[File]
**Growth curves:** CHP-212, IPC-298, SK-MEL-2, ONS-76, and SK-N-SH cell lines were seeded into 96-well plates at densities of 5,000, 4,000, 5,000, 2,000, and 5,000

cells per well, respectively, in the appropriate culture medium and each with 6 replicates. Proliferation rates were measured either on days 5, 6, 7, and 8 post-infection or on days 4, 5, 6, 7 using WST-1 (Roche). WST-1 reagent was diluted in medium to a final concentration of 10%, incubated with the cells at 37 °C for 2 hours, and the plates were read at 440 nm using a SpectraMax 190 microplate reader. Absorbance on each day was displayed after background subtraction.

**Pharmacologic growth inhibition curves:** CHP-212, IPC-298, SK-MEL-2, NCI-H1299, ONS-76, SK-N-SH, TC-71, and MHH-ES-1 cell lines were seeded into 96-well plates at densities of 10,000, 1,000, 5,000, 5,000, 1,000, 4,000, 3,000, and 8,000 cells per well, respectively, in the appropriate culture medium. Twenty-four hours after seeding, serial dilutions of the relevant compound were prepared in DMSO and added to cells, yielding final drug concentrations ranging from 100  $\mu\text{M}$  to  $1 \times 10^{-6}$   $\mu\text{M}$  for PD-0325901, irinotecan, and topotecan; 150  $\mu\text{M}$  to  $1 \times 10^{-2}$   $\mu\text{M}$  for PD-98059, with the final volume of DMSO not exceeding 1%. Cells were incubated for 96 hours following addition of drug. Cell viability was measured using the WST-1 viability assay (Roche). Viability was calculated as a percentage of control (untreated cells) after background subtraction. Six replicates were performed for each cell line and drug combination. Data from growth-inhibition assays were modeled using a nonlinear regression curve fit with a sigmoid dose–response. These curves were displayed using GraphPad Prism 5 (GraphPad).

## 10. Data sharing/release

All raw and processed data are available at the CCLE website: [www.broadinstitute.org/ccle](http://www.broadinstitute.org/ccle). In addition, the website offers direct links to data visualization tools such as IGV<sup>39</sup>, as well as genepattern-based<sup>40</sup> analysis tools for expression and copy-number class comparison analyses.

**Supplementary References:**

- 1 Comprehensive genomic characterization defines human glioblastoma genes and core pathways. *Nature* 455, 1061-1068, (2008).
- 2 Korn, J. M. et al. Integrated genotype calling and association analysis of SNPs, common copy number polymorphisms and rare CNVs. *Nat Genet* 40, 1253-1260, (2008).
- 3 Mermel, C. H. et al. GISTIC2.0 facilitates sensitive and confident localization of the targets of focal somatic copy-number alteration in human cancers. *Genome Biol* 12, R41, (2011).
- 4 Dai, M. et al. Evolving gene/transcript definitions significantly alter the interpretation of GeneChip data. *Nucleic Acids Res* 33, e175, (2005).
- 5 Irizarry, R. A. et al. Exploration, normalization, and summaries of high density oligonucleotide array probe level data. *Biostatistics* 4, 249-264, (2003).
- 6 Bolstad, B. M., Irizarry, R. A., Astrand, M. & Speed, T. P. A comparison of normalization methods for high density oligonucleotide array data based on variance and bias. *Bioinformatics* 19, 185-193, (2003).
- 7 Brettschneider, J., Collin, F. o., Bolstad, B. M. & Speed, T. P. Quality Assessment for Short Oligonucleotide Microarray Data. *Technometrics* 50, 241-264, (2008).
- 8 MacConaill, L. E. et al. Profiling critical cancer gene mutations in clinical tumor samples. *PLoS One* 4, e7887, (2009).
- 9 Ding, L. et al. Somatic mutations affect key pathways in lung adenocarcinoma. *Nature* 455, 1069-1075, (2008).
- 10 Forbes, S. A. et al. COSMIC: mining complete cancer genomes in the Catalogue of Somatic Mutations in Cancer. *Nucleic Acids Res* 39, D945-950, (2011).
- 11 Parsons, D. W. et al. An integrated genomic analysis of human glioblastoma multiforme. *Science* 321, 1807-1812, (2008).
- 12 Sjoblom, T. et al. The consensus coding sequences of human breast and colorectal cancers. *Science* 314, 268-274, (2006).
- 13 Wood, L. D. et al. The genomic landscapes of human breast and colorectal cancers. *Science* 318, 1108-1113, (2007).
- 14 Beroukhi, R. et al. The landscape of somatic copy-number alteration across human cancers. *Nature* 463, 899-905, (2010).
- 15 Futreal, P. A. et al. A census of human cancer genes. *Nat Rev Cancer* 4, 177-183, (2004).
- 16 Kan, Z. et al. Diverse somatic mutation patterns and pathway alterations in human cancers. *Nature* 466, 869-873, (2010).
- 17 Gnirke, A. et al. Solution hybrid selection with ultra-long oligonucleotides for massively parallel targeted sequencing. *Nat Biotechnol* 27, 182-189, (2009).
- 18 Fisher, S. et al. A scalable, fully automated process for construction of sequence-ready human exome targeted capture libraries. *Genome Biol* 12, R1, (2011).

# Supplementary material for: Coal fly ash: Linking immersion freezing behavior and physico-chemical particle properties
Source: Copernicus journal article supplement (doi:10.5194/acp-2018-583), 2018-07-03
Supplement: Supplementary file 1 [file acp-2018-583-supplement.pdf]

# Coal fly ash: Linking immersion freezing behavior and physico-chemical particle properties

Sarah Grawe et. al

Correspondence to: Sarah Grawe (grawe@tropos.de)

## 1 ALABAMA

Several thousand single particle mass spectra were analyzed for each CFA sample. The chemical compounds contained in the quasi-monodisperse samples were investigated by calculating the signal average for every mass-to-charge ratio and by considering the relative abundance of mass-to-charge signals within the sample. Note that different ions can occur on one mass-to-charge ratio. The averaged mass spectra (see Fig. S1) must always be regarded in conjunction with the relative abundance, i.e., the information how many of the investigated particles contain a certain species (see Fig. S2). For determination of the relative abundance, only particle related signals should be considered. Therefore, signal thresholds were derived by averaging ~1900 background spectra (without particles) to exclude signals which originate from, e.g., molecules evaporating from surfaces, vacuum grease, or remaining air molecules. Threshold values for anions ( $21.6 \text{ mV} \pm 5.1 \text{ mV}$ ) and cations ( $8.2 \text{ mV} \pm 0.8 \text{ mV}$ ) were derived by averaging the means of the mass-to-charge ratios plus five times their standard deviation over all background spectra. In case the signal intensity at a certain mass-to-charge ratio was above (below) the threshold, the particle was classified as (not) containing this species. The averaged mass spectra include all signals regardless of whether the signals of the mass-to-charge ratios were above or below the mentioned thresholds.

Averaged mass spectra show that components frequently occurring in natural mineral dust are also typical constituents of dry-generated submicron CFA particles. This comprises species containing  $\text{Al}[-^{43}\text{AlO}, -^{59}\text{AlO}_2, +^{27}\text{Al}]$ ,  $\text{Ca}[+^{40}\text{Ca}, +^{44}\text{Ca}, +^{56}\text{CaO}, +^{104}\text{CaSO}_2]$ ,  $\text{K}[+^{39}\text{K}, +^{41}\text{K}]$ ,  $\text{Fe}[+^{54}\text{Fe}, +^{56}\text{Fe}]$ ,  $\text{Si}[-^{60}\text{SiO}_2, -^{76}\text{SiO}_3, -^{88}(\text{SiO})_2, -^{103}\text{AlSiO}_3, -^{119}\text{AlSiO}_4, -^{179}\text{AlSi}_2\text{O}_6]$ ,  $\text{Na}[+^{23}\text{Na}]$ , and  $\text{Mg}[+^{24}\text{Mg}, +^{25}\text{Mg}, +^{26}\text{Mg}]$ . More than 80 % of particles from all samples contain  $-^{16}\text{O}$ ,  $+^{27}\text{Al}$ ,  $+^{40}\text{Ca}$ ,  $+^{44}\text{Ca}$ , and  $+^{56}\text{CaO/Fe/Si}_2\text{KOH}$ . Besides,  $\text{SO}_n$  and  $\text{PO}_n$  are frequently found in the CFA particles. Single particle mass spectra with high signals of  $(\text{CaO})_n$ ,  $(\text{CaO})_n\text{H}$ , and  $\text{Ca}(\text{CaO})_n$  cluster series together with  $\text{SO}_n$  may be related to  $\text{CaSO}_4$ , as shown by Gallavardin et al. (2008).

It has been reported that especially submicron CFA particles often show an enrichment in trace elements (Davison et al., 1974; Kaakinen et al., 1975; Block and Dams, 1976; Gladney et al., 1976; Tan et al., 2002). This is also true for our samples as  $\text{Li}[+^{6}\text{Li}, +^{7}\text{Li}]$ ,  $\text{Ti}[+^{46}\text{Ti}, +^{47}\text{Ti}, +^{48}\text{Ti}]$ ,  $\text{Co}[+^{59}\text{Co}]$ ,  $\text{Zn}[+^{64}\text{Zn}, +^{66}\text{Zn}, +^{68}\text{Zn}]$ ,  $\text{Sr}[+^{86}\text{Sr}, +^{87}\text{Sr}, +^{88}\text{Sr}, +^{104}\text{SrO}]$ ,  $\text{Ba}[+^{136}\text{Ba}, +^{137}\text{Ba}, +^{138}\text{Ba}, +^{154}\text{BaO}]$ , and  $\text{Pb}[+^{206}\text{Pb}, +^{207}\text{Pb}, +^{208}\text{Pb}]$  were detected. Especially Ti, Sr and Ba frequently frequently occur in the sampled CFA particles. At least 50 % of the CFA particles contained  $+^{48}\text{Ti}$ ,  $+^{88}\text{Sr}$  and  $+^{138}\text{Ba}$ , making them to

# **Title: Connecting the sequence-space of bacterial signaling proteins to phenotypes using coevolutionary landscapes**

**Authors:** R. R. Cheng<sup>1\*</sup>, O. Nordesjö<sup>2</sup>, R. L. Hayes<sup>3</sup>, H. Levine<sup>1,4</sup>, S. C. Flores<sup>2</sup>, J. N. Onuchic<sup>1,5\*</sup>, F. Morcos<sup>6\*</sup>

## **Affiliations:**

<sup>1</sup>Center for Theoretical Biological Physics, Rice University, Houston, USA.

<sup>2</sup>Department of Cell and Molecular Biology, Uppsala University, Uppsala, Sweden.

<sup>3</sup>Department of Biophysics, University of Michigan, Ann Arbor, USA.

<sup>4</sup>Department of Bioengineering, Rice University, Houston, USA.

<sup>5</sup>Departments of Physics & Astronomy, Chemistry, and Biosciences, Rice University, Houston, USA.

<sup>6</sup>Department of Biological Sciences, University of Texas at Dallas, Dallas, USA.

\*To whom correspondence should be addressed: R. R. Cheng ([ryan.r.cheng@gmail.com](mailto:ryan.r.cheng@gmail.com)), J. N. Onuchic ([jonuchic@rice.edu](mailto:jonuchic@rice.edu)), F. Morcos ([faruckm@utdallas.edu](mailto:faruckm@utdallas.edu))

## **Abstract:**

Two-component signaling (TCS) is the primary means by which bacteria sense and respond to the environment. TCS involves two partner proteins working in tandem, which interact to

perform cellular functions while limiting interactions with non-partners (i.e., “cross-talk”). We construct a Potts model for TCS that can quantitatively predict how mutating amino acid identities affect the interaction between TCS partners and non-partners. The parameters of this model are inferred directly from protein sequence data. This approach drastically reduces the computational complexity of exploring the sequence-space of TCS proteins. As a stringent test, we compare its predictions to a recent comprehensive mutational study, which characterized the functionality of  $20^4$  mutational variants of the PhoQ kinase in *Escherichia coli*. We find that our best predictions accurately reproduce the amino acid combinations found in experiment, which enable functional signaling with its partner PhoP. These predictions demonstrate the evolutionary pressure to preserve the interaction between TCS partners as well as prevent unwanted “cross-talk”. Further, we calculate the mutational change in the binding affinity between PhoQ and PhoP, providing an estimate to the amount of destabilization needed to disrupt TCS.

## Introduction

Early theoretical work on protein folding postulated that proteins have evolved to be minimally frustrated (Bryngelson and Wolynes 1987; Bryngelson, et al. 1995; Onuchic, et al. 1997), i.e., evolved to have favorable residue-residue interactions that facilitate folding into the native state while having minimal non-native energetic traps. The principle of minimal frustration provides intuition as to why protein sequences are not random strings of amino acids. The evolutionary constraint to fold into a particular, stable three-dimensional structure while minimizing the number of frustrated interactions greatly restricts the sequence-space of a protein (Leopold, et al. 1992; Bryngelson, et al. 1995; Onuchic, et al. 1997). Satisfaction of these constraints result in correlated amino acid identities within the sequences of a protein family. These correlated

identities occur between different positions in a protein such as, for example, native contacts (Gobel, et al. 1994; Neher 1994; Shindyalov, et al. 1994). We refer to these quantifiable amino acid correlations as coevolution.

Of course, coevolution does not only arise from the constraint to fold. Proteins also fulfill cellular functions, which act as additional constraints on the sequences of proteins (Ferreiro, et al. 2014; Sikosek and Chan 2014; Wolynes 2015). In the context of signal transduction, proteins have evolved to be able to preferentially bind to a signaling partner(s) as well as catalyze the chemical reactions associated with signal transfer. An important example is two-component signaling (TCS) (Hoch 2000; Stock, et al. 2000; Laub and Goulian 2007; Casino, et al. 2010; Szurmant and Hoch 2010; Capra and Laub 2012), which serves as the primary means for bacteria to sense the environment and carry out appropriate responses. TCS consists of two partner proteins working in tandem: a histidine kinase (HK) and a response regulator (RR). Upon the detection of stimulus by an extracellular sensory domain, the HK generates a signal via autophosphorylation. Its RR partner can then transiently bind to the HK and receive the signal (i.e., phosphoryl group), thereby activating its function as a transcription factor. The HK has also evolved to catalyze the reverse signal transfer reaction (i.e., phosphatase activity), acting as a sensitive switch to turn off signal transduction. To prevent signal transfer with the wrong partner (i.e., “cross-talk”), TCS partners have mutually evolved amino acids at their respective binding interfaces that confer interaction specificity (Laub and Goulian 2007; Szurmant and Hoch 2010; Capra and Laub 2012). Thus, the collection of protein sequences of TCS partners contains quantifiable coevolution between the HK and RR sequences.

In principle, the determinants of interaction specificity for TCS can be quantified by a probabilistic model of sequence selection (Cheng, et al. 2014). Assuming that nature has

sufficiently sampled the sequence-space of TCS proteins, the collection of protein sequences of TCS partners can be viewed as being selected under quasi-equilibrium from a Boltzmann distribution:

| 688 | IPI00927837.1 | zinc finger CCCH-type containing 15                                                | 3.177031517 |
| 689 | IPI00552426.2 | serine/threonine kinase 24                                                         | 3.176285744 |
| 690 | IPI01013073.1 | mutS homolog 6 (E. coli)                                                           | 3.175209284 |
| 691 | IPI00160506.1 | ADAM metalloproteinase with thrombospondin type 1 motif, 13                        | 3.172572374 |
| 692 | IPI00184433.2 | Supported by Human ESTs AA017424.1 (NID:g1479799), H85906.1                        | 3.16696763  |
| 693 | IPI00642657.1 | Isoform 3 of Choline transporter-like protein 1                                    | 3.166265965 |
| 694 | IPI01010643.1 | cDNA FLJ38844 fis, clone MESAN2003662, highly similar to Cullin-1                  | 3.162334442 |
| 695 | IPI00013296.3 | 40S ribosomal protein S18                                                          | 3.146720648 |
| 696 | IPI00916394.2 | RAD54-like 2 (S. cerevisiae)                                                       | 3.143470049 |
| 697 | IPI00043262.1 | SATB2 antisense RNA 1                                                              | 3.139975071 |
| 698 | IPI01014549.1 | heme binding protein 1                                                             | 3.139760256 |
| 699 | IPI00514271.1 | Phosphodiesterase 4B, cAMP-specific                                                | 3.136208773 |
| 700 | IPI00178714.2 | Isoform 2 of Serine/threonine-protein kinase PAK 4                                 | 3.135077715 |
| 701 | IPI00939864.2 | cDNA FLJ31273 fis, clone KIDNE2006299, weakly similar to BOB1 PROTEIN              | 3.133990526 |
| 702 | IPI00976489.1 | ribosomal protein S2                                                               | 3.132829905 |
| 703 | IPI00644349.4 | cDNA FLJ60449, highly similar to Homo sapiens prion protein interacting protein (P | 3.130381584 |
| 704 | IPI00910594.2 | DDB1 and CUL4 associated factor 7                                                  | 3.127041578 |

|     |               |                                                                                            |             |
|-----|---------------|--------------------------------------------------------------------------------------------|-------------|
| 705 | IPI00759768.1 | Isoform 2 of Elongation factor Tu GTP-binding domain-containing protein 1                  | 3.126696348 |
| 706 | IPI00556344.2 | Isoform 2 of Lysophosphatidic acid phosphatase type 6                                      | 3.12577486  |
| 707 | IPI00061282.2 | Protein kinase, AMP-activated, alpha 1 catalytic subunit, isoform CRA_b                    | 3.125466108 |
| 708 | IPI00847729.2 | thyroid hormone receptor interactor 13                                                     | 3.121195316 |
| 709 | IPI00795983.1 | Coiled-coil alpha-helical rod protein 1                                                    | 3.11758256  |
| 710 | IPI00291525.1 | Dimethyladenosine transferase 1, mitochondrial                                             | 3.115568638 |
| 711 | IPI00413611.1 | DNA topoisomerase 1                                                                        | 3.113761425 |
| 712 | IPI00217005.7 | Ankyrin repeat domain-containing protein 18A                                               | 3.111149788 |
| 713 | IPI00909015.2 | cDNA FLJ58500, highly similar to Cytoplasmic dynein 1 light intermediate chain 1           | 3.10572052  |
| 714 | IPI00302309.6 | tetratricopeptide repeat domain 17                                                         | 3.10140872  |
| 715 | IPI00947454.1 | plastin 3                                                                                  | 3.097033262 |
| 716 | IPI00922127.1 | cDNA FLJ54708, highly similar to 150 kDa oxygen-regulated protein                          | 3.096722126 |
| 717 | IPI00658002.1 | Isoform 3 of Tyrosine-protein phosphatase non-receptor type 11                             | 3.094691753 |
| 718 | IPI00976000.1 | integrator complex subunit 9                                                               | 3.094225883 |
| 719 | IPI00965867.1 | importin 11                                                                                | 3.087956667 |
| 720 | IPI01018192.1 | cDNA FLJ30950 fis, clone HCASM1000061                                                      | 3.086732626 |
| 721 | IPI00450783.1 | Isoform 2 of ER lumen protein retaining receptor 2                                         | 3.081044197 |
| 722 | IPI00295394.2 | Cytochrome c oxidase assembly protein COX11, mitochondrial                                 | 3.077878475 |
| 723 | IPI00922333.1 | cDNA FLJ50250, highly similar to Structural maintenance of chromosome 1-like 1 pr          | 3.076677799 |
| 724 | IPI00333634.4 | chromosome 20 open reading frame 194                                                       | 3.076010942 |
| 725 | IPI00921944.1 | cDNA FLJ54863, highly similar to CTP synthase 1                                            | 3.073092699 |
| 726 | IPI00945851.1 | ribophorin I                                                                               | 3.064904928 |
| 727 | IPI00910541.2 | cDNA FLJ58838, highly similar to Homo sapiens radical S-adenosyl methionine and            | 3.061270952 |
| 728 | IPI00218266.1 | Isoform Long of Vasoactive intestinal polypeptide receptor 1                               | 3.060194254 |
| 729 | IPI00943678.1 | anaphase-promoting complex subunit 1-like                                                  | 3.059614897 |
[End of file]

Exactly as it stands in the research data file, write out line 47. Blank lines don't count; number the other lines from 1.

perform cellular functions while limiting interactions with non-partners (i.e., “cross-talk”). We construct a Potts model for TCS that can quantitatively predict how mutating amino acid identities affect the interaction between TCS partners and non-partners. The parameters of this model are inferred directly from protein sequence data. This approach drastically reduces the computational complexity of exploring the sequence-space of TCS proteins. As a stringent test, we compare its predictions to a recent comprehensive mutational study, which characterized the functionality of  $20^4$  mutational variants of the PhoQ kinase in *Escherichia coli*. We find that our best predictions accurately reproduce the amino acid combinations found in experiment, which enable functional signaling with its partner PhoP. These predictions demonstrate the evolutionary pressure to preserve the interaction between TCS partners as well as prevent unwanted “cross-talk”. Further, we calculate the mutational change in the binding affinity between PhoQ and PhoP, providing an estimate to the amount of destabilization needed to disrupt TCS.